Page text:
In researching different ballparks, I’ve found that many of them these days, particularly the ones that host mediocre teams, offer “all you can eat” seats. Some of them, like Baltimore’s Camden Yards or Pittsburgh’s PNC Park, make this option available every night, while others, like Toronto’s Rogers Centre, make them available on certain nights of the week.
Sports Illustrated, in their new role as social critic, has taken issue with this, questioning whether it’s a good idea to be encouraging people to gorge on ballpark food in a nation with an obesity problem. (Included in their article is a link to the top ten minor league ballpark foods. Click on the link and the first thing you see is a huge photo of a four-pound burger smothered in chili, cheese and chips. I am not making this up.)
Baseball owners can’t win. They’re constantly criticized for the prices of everything, by the same people who criticize them for not spending money on top players. Now they’re giving fans too much food!
Still, with that said, I don’t recommend the all-you-can-eat sections, for different reasons. I sympathize with the health aspect of it, although I believe people are responsible for their own selves and if they keep this sort of thing in moderation they should be fine.
First off, count on all-you-can-eat seats being the worst in the park. In Baltimore, they’re the left field club seats; in Toronto and Atlanta they’re deep in the outfield; in Pittsburgh they’re in right field. In Baltimore and Pittsburgh particularly, these seats preclude a great view that makes the place special. Part of the reason this deal is offered is precisely because teams can’t sell these seats, especially to watch a bad team.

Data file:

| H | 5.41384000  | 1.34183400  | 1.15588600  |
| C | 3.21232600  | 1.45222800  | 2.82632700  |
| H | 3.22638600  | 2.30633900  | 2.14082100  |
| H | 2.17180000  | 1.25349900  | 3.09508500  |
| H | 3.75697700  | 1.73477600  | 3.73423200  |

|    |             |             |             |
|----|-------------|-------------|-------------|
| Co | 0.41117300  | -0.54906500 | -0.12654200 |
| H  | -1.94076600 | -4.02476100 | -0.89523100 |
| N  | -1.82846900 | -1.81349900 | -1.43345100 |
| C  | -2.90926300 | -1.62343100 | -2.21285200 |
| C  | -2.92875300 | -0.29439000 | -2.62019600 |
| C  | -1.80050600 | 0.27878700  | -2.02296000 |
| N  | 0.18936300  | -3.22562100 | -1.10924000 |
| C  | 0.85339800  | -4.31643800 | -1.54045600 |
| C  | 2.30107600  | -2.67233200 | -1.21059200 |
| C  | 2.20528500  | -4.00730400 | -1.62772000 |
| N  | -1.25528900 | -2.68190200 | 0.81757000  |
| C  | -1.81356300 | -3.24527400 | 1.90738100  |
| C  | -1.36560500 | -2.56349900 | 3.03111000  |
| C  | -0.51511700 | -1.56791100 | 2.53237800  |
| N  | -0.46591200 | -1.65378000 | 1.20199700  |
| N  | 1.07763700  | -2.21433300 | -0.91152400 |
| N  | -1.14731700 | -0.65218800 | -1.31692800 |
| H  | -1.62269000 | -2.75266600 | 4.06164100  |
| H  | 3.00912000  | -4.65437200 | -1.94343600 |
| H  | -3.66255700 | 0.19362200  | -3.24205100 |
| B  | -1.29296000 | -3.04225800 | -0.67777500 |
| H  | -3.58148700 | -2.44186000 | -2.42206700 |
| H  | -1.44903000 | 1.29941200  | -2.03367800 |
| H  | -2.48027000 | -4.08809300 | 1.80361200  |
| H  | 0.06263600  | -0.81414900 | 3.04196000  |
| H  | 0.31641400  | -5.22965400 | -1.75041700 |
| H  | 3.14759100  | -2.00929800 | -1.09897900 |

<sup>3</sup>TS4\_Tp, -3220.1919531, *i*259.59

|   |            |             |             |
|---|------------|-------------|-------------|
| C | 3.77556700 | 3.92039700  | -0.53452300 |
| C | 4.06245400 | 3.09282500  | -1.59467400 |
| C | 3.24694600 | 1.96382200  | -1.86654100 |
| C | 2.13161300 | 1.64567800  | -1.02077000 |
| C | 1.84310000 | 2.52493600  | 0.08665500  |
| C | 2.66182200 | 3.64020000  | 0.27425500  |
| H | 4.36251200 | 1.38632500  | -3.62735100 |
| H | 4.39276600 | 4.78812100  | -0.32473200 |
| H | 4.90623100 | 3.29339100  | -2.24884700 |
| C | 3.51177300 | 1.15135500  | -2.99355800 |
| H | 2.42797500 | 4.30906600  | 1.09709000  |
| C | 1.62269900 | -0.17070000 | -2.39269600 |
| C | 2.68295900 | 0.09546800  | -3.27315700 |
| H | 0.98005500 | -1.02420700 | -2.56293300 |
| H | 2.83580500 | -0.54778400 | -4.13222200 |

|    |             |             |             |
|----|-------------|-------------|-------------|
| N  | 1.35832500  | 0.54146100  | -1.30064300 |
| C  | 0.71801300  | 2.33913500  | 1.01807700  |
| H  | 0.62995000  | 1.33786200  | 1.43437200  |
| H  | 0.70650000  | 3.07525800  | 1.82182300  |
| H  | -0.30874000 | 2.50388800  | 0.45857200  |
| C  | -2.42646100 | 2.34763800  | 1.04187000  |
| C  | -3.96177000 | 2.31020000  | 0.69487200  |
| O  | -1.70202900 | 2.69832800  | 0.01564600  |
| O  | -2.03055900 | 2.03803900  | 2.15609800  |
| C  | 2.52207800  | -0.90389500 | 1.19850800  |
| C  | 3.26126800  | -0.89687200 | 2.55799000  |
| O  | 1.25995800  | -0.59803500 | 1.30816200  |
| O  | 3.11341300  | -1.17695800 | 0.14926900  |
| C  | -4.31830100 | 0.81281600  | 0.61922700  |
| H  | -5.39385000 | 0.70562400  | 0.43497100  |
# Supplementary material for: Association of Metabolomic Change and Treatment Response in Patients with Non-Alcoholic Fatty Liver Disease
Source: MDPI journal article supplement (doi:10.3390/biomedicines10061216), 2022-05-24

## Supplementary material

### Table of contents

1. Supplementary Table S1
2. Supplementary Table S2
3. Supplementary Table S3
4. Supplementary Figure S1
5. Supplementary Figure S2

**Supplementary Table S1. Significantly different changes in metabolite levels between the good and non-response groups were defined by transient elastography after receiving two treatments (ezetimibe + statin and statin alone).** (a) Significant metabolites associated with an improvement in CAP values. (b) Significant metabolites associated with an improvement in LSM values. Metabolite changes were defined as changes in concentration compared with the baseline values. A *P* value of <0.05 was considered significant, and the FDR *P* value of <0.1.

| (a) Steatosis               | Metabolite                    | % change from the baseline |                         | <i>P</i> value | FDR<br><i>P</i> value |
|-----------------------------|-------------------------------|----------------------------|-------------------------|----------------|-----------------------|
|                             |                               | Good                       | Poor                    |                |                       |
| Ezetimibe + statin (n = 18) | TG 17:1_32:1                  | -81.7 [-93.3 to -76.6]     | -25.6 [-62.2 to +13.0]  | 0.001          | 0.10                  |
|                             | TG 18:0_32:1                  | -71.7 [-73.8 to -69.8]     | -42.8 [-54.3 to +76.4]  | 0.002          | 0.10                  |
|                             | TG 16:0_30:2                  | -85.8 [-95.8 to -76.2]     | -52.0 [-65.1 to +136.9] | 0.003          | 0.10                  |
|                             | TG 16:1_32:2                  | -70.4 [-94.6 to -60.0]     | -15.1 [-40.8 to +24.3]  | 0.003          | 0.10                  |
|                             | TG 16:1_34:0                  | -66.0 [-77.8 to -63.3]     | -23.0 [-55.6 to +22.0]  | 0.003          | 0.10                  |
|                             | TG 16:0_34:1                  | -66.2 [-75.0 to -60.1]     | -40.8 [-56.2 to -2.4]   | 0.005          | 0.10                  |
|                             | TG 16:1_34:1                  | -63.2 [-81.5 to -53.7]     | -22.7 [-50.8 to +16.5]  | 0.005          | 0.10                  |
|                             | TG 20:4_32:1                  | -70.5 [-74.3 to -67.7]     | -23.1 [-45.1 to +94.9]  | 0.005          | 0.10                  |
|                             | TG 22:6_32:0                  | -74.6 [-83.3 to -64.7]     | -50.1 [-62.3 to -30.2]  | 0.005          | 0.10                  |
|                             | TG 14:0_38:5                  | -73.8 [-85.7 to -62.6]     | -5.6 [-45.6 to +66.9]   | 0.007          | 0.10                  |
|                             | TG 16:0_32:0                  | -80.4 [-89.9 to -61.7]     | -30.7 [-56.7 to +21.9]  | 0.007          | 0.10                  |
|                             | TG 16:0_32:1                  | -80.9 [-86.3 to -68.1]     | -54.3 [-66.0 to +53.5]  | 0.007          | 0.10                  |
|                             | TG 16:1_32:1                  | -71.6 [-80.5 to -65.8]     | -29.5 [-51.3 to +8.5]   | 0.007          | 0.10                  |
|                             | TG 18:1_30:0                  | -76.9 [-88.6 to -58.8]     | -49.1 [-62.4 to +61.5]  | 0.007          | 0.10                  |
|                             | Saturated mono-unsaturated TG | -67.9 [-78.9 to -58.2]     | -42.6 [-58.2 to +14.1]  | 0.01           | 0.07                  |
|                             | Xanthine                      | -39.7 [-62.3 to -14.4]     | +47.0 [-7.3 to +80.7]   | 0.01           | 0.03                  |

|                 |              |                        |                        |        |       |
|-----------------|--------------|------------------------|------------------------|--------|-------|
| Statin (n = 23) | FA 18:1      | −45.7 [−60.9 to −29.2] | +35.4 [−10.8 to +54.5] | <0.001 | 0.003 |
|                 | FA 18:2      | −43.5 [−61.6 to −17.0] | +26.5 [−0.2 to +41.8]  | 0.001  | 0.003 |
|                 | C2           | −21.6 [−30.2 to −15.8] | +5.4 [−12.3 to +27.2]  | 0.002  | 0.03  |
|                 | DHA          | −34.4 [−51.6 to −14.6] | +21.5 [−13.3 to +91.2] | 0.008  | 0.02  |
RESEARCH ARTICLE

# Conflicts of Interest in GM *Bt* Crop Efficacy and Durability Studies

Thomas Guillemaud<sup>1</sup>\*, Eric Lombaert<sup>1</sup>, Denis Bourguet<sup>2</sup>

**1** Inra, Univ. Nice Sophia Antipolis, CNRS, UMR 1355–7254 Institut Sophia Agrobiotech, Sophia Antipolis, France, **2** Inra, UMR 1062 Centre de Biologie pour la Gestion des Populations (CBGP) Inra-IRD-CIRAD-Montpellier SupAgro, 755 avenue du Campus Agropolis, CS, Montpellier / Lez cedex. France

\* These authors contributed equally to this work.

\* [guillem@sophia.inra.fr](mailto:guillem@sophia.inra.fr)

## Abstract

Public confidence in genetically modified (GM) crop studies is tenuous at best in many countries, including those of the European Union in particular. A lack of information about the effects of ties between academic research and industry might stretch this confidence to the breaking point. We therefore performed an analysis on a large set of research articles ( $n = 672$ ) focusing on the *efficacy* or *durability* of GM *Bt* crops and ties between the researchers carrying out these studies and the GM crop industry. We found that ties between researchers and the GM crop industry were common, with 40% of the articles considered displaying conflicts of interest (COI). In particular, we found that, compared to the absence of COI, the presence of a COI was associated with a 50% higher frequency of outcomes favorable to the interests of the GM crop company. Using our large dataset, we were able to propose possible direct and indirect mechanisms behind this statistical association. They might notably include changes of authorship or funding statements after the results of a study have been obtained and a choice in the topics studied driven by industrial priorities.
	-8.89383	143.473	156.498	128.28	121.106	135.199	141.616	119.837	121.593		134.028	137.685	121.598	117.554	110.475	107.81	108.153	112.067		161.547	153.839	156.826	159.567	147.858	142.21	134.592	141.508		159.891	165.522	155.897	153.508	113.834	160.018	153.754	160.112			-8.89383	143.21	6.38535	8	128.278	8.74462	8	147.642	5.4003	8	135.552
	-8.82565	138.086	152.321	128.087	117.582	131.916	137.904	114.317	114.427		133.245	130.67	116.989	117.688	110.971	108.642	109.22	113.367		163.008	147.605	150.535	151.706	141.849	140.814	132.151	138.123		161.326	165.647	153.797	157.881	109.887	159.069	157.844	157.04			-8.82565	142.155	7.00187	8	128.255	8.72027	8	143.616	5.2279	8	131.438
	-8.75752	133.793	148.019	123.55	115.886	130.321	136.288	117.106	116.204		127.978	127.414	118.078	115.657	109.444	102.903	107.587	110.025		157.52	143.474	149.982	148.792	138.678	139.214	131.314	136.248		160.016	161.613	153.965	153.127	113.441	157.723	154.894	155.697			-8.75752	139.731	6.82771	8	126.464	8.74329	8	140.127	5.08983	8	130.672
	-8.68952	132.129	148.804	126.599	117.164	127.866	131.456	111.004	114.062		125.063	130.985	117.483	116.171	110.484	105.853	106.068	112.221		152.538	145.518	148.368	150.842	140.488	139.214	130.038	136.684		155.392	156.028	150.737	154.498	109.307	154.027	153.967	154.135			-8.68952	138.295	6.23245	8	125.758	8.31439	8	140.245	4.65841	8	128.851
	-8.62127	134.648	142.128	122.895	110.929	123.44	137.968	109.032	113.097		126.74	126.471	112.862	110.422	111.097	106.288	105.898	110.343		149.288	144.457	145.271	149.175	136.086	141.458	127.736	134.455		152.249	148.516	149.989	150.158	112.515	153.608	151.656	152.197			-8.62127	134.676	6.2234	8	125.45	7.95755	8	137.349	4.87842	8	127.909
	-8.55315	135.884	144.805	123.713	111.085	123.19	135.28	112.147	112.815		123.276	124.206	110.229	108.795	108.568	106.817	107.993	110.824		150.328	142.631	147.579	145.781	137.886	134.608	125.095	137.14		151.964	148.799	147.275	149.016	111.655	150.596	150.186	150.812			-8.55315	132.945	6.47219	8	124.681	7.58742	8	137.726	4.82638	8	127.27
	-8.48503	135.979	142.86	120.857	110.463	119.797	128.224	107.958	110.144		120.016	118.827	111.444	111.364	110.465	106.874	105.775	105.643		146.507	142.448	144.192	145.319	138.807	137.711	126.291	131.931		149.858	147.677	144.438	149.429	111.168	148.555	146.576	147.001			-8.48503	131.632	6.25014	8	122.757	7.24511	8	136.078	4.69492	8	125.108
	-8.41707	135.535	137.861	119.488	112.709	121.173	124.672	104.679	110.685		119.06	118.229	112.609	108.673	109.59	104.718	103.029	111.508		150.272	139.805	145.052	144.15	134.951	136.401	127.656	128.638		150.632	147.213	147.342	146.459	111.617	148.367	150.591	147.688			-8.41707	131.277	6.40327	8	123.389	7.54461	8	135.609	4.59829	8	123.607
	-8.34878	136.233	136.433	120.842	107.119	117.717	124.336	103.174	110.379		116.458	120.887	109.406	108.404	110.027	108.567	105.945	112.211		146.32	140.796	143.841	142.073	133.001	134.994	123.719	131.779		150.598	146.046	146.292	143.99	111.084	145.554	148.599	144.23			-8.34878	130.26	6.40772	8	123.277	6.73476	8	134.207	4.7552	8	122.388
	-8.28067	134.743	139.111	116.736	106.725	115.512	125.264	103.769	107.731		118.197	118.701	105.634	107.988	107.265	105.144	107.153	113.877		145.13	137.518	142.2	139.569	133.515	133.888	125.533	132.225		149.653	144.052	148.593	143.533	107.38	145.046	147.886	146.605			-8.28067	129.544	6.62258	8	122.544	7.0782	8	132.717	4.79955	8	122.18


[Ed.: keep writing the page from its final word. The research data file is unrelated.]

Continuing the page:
Second, it isn’t all that much of a bargain. Say you pay $17 extra for an all-you-can-eat seat (in Toronto, a 200-level outfield seat costs $22, on all-you-can-eat nights it’s $39). You’re essentially paying $17 for a low-level buffet of hot dogs, nachos, peanuts, and popcorn. Would you pay that much at a Golden Corral for such a limited menu? I wouldn’t pay that much at a Golden Corral period, but that’s not the point. Buffets in restaurants rarely feature anything gourmet-level; this is doubly true at the ballgame.
Third, none of the ballpark all-you-can-eat sections include local favorites that are featured in ballparks these days. Almost all ballparks feature a popular local delicacy, and if you don’t mind spending the money you’d be remiss to miss out on some of the civic pride of a town. It’s ultimately cheaper (see my second point), and it’s part of the ballgame experience. You should have a Primanti Bros. sandwich at PNC Park, or Boog’s Barbecue in Camden Yards, or a Georgia hot dog from the “Frankly My Dear” stand at Turner Field. Don’t waste $17 on the low-end unexciting grub because you get more of it.
This isn’t to say I don’t think people shouldn’t ever take advantage of the deal. If you don’t have time for dinner before the game, and you don’t care where you sit, you can have a couple of dogs, peanuts, some popcorn and a soda without worrying about how much extra it costs. It’s fine if you’ve been to the ballpark before and are just going to the game.
But SI’s social concern notwithstanding, it’s Dr. Ballgame’s opinion that you’re shorting yourself of the best possible ballpark experience with the all you can eat seats. And even health reasons aside, it really isn’t worth it.
Stick with me; there’s other ways to save money on food at the game.